This was the best period of Sweet-N-Evil. Everyone was on the same page and focusing on pushing the band in a forward direction. Jim took over the marketing and created a risque’ ad campaign that was very well “anticipated” each week in The Aquarian. Even if someone hadn’t seen us, they knew who we were, just from our ads. Many of those ads are in this volume.

In 1991, we decided that we would put on an Industry Showcase for the major record labels. On Halloween we attacked every record company in New York City. Johnny and I were dressed in grim reaper robes and we accompanied Tracey into each company, where she tried to work her way into an A&R rep’s office and hand them a small black coffin that contained our demo tape, a video trailer and an invitation to S.I.R. Studios on West 52nd Street, for the showcase. Jim drove the getaway car.

Record companies will not even talk to you in you are unsolicited, but we manged to get reps from Columbia, Polygram and Arista down to see us. Tracey even managed to get friendly with the rep from Columbia, but he didn’t think he could sell us, at that time.

Jim lasted for a few years and then retired from music. I hated to see him go… but, the show must go on.

Next up… Tracey’s brother Jeffrey. He went by the name of Sandy Michaels and he was a true flashy , 80s guitar-slinger. He brought a powerful burst of energy to the band, so we didn’t miss a beat. While the most productive version of the band was with Jim, but musically, this was the best.

Opportunities came and went and we kept pushing. Johnny left to get married and we went through a couple drummers, until we settled on a real heavy-hitter named Mark Celli. When his girlfriends weren’t trying to kill him or burn his house down, he was quite a good drummer. At this point, the band got a bit heavier.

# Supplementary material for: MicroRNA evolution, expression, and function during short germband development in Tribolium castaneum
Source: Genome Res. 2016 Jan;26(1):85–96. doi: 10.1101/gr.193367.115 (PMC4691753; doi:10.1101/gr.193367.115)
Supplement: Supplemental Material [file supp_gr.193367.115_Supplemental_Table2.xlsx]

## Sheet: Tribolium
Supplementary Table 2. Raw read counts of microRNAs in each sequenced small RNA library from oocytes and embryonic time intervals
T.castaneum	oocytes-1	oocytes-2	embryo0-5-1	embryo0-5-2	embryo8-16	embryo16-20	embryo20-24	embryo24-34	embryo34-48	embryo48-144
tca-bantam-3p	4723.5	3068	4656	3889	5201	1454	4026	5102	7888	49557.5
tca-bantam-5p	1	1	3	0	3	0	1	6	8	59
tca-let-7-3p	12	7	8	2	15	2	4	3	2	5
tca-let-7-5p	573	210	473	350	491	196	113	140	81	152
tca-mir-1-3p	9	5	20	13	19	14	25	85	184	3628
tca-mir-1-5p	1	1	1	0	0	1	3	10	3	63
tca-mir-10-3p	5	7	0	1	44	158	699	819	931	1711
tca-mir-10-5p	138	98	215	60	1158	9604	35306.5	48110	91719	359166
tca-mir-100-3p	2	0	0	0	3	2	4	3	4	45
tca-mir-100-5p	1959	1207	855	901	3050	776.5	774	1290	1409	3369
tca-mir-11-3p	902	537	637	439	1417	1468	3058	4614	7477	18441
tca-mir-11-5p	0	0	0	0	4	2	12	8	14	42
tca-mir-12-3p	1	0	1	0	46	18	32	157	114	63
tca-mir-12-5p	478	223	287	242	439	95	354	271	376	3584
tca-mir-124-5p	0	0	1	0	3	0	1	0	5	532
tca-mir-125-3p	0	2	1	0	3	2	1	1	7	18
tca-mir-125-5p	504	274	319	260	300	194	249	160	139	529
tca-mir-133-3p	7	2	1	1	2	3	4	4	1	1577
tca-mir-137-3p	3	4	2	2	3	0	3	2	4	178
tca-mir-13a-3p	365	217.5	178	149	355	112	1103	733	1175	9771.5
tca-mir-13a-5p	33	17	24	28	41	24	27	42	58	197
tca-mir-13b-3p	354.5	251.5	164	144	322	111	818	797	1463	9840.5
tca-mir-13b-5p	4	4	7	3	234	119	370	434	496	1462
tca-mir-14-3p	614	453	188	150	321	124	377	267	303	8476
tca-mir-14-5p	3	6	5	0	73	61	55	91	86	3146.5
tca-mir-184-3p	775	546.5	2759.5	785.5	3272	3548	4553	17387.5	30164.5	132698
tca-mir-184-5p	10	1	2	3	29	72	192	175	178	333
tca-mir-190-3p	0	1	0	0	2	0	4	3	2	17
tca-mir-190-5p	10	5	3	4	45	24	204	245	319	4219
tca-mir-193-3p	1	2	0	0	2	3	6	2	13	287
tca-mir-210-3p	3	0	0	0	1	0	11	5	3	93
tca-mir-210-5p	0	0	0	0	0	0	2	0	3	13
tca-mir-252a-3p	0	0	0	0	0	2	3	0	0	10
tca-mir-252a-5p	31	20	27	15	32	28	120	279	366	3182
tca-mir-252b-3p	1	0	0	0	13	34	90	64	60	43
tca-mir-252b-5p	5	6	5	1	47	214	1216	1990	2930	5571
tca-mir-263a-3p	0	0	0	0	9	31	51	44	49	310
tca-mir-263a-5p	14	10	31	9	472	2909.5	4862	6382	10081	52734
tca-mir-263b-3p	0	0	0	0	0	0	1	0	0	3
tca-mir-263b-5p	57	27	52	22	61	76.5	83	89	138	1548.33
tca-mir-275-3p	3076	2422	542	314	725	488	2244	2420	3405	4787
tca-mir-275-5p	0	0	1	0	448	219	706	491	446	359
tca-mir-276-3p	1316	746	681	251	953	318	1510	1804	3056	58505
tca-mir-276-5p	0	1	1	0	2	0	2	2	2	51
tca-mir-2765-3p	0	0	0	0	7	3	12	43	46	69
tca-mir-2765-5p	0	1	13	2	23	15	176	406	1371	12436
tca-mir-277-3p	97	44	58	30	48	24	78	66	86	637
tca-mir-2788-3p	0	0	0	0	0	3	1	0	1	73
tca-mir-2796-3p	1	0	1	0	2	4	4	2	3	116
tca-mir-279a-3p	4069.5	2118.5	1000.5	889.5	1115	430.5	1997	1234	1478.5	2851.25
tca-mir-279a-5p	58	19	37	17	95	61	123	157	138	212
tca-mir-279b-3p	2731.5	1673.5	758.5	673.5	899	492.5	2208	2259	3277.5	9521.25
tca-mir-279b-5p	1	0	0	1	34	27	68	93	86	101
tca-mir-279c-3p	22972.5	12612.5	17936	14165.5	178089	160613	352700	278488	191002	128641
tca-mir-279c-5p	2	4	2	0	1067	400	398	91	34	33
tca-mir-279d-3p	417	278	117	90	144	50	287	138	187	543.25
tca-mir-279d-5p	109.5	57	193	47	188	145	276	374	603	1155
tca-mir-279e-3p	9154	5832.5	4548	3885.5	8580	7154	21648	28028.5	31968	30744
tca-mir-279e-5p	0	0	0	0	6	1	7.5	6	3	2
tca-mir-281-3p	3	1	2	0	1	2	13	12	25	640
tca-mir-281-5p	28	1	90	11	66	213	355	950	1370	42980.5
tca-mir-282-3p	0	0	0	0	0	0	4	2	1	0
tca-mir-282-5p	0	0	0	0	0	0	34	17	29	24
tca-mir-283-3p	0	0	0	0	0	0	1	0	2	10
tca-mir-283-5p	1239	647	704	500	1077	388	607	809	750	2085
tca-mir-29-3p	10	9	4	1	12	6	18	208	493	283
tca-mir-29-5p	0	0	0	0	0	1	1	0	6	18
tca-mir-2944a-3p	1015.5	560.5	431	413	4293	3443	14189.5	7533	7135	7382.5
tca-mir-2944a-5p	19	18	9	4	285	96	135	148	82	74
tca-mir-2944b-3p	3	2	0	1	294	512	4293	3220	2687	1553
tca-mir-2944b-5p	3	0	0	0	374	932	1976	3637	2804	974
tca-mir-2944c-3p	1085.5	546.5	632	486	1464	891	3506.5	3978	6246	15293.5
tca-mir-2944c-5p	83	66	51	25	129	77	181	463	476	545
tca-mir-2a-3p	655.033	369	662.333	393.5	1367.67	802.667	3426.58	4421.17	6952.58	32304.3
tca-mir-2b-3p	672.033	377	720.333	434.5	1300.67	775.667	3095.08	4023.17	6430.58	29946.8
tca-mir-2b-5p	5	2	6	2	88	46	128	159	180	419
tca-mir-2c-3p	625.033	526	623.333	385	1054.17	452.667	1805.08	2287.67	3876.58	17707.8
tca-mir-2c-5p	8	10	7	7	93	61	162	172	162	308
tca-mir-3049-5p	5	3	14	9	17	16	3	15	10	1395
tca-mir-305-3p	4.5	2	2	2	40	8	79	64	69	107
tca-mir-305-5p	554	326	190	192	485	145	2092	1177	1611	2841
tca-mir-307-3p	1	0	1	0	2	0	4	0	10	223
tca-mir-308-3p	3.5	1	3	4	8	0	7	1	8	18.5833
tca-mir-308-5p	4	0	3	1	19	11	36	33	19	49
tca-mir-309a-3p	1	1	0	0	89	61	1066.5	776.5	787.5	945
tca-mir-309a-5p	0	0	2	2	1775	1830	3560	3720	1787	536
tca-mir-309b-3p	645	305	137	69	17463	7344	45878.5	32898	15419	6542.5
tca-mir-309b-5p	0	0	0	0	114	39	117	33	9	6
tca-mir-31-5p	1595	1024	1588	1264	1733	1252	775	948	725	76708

Not too long after Mark joined Sandy quit and we replaced him with Tommy Rich. We had come full circle. Just as we had with Steve, we settled. Not that Tommy wasn’t a decent guitar player; he was, but he had no clue of what we were really about. His wife got pregnant, and that was the end of him.

I just couldn’t audition another player and teach them the songs, so I decided to take a break. There’s not a day that I don’t miss it, and not a day that I don’t think about how incredible it was. Tracey and I were always on the exact same page. We didn’t go for a ride, we drove it, and drove it hard. We did it our way. We had fans, not just in the tri-state area, but all over the world. While we never got the big break that we were shooting for, we still gave 1000% every night, and I wouldn’t trade one single minute of it. It was the best time of my life!

Available for the first time; the complete history of Sweet-N-Evil in a beautiful LIMITED EDITION, 12 X 12 coffee table book.

Buy The Sweet-N-Evil Story – Limited Edition – Coffee Table Book